Do you ever feel like having a business is a glorified job? Is it possible to exit your company WITHOUT selling it or quitting? Could you live a free lifestyle as an entrepreneur? Jason Duncan, the Author of Exit Without Exiting, joins Chris Miles on the show to reveal how to live the “Exit Lifestyle” while still keeping your business. Maintain profitability while living the life you choose. Learn how you can do that in this conversation!
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How To Exit Your Business Without Needing To Sell With The REAL Jason Duncan
This show is for you, those of you that work so freaking hard for your money, and you’re ready for your money to start working harder for you. You want that freedom of cashflow not 30 or 40 years from now, but now so you can live the life that you love doing what you love. It’s not about getting rich. It’s about living a rich life because as you are blessed financially, you have a greater capacity to bless the lives of more people. That is why I’m here.
Thank you for allowing me to create a ripple effect through you. Thank you for letting me binge you, but that’s not the case. You are probably binging me instead, but I do appreciate you binging, sharing, and even reaching out. I even talked to a guy that said, “It’s weird hearing your voice because I’ve been listening to it and binging it.” I appreciate that because you are the best audience. I know Jason might disagree because he’s got a cool audience, too, but I know that you are amazing.
I‘ve got a special guest, Jason Duncan, here. Jason is a pretty powerful guy here that I’m excited to have on. The guy has one of the fastest–growing privately held companies in the world. On top of that, he started twelve different companies. He has been in entrepreneurship since 2010, ever since he quit the education space. He left being a teacher to be an entrepreneur.
He has been rocking it and doing great stuff. He even runs a mastermind called The Exiter Club. That is incredible too. We’re going to talk about that. He’s also got his show, The Root of All Success, that I’ll be on. It’s a great show to check out. He’s out in Tennessee. He married his sweetheart of many years. Jason, I’m excited to have you on our show.
It’s an honor to be here, Chris. Thank you.
You got this extra man scale on me because I heard you motorcycles and camp in RVs, which are both things that I’ve wanted to learn but never done.
RVing is easier than motorcycling, but it is more expensive. I dig it. I started riding motorcycles as an adult. I didn’t ride as a kid. I fell in love with it, and now I’ve got two motorcycles. I ride a lot and enjoy it. It’s a lot of fun to get out, see the countryside, and enjoy a little wind therapy because you need that every once in a while. We do the RV stuff because I’ve been doing that my whole life growing up. We went camping when I was a kid. My wife and I love to do it.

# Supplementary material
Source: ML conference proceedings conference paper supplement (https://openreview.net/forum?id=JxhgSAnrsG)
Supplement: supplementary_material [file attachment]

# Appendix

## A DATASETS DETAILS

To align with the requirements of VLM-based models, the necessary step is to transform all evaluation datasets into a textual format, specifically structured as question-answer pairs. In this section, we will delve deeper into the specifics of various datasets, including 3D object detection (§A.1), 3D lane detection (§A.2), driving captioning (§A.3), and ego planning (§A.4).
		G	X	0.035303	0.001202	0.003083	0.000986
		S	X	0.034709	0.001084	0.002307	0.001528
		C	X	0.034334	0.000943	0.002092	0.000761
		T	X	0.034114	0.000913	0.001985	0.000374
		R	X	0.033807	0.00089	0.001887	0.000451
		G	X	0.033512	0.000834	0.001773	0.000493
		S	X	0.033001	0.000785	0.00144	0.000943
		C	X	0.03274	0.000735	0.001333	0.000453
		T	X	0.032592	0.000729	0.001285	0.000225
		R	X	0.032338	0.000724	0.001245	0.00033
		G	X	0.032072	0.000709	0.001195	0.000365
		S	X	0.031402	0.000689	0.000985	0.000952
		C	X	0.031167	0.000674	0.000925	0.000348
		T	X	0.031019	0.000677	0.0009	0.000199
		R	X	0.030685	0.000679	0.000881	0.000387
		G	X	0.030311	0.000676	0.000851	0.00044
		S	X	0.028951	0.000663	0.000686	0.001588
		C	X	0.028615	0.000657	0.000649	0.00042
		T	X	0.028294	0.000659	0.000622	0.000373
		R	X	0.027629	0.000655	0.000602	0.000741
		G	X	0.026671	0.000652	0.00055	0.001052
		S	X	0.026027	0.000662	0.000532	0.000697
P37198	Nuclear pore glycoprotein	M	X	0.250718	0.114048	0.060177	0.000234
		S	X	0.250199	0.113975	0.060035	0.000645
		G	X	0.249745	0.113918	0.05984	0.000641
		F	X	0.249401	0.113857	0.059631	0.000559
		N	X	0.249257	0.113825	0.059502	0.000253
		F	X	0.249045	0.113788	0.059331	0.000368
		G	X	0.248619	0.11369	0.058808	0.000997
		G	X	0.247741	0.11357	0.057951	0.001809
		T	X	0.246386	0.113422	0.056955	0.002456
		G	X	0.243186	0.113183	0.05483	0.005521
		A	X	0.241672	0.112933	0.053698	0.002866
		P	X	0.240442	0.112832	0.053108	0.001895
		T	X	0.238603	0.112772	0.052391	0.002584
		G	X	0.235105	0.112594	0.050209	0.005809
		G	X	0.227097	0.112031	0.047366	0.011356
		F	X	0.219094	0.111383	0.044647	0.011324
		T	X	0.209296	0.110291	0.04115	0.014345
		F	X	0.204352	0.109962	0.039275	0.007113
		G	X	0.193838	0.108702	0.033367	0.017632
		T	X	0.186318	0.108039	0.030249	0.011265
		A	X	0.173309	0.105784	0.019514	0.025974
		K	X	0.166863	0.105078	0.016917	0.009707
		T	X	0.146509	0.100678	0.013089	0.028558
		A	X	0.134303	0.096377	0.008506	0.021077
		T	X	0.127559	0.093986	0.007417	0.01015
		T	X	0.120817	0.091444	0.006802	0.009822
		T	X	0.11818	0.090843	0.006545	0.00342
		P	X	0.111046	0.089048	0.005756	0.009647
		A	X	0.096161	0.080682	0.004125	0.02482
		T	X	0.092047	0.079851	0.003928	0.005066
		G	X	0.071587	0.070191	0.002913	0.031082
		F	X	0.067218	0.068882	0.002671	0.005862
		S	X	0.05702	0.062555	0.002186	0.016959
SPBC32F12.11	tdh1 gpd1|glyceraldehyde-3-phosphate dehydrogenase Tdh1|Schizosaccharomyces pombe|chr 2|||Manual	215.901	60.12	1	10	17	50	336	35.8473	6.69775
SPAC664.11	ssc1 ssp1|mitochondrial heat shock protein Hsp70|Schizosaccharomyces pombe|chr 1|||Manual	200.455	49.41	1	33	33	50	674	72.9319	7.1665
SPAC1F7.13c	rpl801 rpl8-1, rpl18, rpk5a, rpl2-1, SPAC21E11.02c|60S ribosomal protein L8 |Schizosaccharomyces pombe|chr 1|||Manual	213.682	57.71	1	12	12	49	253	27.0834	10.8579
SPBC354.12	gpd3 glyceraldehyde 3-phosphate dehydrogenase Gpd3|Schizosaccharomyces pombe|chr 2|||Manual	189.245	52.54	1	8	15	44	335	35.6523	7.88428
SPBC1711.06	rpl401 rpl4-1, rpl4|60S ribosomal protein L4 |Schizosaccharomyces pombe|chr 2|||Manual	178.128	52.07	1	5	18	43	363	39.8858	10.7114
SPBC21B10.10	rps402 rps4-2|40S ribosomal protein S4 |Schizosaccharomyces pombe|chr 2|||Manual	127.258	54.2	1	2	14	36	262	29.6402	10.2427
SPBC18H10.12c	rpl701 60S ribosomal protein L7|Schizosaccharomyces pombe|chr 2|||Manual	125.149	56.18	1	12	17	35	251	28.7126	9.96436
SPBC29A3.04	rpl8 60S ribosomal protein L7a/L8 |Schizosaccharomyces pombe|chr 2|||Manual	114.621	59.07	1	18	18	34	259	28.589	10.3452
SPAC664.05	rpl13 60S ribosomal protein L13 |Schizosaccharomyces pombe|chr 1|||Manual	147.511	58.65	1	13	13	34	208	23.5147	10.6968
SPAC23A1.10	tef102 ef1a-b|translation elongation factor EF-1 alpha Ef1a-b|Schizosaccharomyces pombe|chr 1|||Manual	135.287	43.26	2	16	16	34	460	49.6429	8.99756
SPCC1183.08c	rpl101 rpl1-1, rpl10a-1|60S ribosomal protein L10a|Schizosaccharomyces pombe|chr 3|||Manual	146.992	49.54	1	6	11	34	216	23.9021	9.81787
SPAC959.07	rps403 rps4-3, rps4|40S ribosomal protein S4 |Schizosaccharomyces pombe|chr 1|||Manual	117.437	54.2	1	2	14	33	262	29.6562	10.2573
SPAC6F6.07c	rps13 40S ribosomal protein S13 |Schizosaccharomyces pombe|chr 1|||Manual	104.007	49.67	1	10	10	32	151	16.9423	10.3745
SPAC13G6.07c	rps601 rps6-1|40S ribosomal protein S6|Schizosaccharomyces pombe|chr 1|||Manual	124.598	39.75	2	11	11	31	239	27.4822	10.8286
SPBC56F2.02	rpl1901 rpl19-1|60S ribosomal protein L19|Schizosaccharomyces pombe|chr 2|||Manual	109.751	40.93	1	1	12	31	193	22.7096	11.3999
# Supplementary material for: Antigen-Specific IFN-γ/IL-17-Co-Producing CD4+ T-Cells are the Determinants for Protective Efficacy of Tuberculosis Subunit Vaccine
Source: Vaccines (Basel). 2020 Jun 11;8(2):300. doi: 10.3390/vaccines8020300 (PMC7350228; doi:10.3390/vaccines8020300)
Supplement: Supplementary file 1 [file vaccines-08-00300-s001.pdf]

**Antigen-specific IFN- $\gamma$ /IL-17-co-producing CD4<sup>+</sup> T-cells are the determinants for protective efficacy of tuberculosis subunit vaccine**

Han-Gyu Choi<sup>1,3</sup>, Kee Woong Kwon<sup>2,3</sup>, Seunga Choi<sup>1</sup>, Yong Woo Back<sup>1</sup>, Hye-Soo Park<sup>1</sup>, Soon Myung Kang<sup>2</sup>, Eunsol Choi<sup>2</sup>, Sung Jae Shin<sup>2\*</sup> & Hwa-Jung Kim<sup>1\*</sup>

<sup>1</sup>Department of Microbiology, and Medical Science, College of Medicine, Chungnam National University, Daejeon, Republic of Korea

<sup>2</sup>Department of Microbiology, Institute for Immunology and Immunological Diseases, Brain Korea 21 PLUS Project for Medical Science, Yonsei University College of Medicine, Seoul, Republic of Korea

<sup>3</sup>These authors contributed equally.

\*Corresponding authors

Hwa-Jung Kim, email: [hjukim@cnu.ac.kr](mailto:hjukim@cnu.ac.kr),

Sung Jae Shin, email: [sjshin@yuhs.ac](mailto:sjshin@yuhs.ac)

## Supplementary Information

That sounds more appealing to me than the other strategy I was going to do. I thought maybe I would do the whole Forrest Gump thing where you run across the country because I’m a marathoner, but then I mapped it out and then started counting the number of days it would take me and how many miles I have to run a day. I‘m like, “This is going to take me months to get across a stupid country. Put me in a car, an RV, or a vehicle. I‘ll do it that way.” Maybe I’ll go out on runs in the morning.
With gas prices, it’s a lot cheaper to run and stay in nice hotels.
That’s true. Burn through a couple of pairs of shoes, and you’re good. Tell us more about your story because there are a lot of people that have a goal to create the life that you have. You started as that schoolteacher and then were able to lead that and create this whole new life of freedom. Tell us about that.
I started my career as a pastor. I was in pastoral ministry for thirteen years and then got fed up with that. I thought I had to do something different to make a bigger impact. I went back to school, got a Master’s in education, took classes to get my teaching certificate or teaching degree, went to start teaching eighth-grade American history, and fell in love with it. I always liked the part of the pastoral part of being the teacher and the preacher. I did not care for the traditional pastoral stuff, the counseling, the visitations, and that type of thing.
I never liked doing that, but when I started teaching, I fell in love with it. I realized, “I get energy from this. I enjoy it. I like it. The kids like me. It’s a lot of fun.” I was making a difference. Budget cuts came after the Great Recession. I was the last guy hired in that building. They had to make decisions based on tenure. I didn’t have tenure. I was the number one teacher in the county in my subject area, but they let me go. They said, “Your contract won’t be renewed for next year.”
I had the decision to make about what the next step in my life was going to be career-wise. I made a big change from ministry to teaching. I was prepared to make another change, but I didn’t want to go back to the corporate world. I took the leap into entrepreneurship and started a lighting company about which I knew nothing. It ultimately turned out pretty good. It became very successful, which you alluded to at the top of the show. That was my life for about a decade. It was an exciting ride.